Increasing the taxes paid by oil and gas companies by ending federal subsidies for those businesses




Increasing the taxes paid by businesses that own private jets




Increasing the taxes paid by people who make more than 250 thousand dollars a year




Since it seems that we’re all in agreement that we need to cut spending, and we seem to be in agreement on what we don’t want to cut, what does that leave?

According to the Center on Budget and Policy Priorities, in 2010 the government spent $3.5 trillion or about 24% of GDP.  With $2.2 trillion paid by tax revenues, that left $1.3 trillion added to the deficit in 2010.

Defense Spending                                           20% or $705 billion                                              Social Security                                                20% or $707 billion                                        Medicare, Medicaid, and CHIP                   21% or $732 billion ($452 billion Medicare)  Safety Net Programs                                      14% or $496 billion                                    Interest on the National Debt                      6% or $196 billion                                            Benefits for Fed Retirees and Vets             7%                                                                            Scientific and Med Research                       2%                                                          Transportation and Infrastructure            3%                                                                                  Education                                                        3%                                                                            Non-Security International                          1%                                                                                 All Other                                                              2%

Based on the poll, Americans are unwilling to make cuts in 48% of the budget.   Another 6% can’t be cut as it’s the interest on our debt (Keep in mind that default on even some of our obligations would cause an increase in our interest rates).   If you add in defense spending, 74% of the budget would be off the table for discussion.   I’m pretty sure that we don’t want to cut spending on Education, and we really don’t want to have bad roads, so we can’t cut spending on Transportation.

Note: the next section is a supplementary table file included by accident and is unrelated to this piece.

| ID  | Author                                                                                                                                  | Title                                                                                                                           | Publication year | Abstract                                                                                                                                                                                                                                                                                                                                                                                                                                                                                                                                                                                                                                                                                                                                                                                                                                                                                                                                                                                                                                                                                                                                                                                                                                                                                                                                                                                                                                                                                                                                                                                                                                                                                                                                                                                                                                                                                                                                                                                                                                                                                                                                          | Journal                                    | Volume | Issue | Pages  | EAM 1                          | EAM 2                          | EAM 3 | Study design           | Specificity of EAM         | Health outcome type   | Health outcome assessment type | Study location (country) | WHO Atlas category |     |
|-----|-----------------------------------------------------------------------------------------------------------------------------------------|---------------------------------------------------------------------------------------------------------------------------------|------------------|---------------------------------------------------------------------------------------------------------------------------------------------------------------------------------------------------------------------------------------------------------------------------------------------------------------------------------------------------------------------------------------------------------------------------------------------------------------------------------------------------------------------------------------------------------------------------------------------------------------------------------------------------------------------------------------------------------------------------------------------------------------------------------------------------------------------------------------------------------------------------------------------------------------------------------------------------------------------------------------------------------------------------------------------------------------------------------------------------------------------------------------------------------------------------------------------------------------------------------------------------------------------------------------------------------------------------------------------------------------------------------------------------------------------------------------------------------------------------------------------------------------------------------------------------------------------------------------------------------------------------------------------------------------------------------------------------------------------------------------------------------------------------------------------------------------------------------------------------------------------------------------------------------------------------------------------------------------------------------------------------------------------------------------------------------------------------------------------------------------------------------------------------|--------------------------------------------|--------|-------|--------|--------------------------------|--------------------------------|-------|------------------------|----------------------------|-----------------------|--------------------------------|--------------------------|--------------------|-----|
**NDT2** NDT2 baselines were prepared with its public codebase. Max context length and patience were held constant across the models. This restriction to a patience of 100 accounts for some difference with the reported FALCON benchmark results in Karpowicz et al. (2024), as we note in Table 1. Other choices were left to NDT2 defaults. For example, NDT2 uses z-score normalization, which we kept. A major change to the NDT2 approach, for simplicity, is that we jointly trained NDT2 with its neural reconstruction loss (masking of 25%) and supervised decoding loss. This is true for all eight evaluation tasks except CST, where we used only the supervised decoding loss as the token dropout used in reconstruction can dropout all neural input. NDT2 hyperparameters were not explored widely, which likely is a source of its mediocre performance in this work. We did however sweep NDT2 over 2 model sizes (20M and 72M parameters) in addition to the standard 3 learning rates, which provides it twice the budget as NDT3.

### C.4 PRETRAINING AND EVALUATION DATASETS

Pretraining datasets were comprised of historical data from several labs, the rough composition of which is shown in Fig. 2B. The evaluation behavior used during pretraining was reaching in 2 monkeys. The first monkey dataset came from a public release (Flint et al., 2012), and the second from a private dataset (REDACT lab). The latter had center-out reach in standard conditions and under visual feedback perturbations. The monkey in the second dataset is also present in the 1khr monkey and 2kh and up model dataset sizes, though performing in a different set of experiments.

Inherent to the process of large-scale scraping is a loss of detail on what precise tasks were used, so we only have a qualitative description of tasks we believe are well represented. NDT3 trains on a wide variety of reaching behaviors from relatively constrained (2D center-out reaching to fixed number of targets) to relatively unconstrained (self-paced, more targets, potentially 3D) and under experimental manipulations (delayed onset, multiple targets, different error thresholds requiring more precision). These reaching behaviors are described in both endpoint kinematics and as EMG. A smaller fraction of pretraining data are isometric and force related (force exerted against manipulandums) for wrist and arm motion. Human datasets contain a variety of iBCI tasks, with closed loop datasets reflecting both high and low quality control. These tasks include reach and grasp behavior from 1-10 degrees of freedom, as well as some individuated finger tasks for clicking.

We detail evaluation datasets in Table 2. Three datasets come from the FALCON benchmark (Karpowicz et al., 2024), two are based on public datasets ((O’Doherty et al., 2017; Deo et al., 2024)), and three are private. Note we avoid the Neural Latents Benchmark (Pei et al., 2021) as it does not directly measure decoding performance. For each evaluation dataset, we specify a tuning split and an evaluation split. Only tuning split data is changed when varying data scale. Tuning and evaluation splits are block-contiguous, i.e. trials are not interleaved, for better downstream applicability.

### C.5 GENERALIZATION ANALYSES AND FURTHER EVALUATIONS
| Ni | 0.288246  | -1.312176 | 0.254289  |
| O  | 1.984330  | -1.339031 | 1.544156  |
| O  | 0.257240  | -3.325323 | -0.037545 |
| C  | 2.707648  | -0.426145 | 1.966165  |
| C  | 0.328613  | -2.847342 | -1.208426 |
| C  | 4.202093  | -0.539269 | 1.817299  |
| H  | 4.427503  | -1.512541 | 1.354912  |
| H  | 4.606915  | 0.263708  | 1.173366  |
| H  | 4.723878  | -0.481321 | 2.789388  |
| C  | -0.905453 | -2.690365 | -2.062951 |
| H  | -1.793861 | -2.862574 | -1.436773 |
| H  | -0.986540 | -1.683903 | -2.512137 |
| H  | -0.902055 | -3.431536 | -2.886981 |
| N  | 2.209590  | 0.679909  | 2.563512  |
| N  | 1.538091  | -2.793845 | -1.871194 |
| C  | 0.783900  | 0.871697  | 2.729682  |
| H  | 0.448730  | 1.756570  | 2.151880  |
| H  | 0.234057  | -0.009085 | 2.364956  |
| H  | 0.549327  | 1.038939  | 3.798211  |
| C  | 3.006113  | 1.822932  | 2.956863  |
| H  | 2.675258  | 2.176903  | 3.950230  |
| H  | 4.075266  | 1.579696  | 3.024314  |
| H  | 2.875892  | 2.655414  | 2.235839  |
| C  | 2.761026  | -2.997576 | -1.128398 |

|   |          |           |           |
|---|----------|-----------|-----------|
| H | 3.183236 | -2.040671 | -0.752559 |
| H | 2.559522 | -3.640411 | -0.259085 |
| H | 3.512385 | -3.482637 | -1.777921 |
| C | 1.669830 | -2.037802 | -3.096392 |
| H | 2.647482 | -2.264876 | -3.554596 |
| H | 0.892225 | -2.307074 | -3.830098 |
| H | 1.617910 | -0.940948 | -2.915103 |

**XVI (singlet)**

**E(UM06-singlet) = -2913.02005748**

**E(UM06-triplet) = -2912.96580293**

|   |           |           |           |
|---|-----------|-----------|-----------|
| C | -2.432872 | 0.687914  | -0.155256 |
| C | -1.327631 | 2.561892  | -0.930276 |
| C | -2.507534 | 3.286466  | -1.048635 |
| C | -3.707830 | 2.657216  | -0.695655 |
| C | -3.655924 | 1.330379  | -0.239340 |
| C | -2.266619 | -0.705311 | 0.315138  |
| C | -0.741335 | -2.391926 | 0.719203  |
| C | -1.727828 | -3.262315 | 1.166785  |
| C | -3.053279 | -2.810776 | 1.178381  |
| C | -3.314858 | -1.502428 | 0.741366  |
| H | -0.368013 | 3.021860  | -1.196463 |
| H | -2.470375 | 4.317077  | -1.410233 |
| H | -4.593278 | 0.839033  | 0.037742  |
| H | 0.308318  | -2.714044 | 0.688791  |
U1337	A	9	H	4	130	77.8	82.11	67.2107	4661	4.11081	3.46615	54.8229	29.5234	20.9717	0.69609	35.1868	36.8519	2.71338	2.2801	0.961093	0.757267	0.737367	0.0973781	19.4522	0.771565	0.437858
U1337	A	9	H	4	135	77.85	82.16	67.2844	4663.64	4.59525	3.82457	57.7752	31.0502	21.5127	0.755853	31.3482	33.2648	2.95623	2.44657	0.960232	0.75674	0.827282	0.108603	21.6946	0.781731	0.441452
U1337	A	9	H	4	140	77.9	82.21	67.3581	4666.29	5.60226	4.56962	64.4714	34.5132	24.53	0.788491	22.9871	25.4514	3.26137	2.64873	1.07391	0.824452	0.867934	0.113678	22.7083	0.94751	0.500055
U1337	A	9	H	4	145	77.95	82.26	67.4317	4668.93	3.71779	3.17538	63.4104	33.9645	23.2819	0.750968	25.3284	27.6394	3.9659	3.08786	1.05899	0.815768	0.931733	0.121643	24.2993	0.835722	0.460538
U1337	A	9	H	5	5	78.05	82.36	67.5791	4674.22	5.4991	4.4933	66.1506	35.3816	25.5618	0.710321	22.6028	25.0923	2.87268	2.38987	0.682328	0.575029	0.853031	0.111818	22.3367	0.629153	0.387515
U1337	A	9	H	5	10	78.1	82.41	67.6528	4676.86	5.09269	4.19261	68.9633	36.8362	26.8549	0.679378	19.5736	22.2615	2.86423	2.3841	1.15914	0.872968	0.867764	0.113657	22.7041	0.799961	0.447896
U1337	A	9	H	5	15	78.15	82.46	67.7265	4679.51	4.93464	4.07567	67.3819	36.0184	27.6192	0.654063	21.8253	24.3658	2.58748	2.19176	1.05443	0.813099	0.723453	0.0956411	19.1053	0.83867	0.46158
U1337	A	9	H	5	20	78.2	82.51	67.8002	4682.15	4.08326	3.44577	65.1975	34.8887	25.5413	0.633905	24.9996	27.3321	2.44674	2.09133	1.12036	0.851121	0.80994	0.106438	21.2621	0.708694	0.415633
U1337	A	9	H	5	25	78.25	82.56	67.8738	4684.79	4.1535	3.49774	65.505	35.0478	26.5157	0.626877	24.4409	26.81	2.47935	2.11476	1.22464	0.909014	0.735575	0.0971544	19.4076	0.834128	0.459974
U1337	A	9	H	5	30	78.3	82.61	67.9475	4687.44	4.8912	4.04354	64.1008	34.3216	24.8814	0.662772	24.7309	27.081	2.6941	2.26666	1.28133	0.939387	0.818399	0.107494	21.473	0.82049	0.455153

To me, this poll says that as a people we aren’t willing to make the hard choices that need to be made.   What Americans want is for someone else to spend less.  Spending cuts are exactly what we need as long as they affect someone other than me.   Increase taxes?  Absolutely, as long as it’s not my tax bill.

And speaking of taxes, according to the poll, 73% are in favor of increasing taxes/ending subsidies on gas and oil companies.  Let’s be clear, if the subsidies are ended, gas prices will go up.  The gas companies will pass this additional cost on to the consumer.   I understand why so many people are in favor of ending these subsidies.  I’m not arguing to keep them but I am pointing out what I think a lot of people aren’t thinking about.  We’re paying for this subsidy now and we’ll still pay this cost if the subsidy is removed, but it will be in the form of higher gas prices.

It’s past time for a serious discussion.   Washington – stop with the “my way or the highway” rhetoric.   We elected you to make government work, not to stop it in its tracks.  Americans, it’s time to make serious long term changes.  If you believe that cutting spending is the way to solve the problem, then let’s get real about what can be cut.  If you think that taxes will need to go up to pay off the deficit, then stop yelling no more taxes.  If you’ve been sitting in your house silently, it’s time to speak up. We need to let our elected officials know what sacrifices we’re willing to make to solve this problem.

Most importantly, we need to start focusing on how we can impact the problem instead of how we can escape the consequences.


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It begins

I’ve had some thoughts I’ve wanted to share but they weren’t appropriate for my crafting blog.   I’ve been thinking about a second blog for a while.  A place where I can share my thoughts that aren’t the least bit crafty.  I’m not making any promises on how often I’ll post.   Rather, I’m only going to post when there’s something I really want to say.  I’m looking forward to sharing.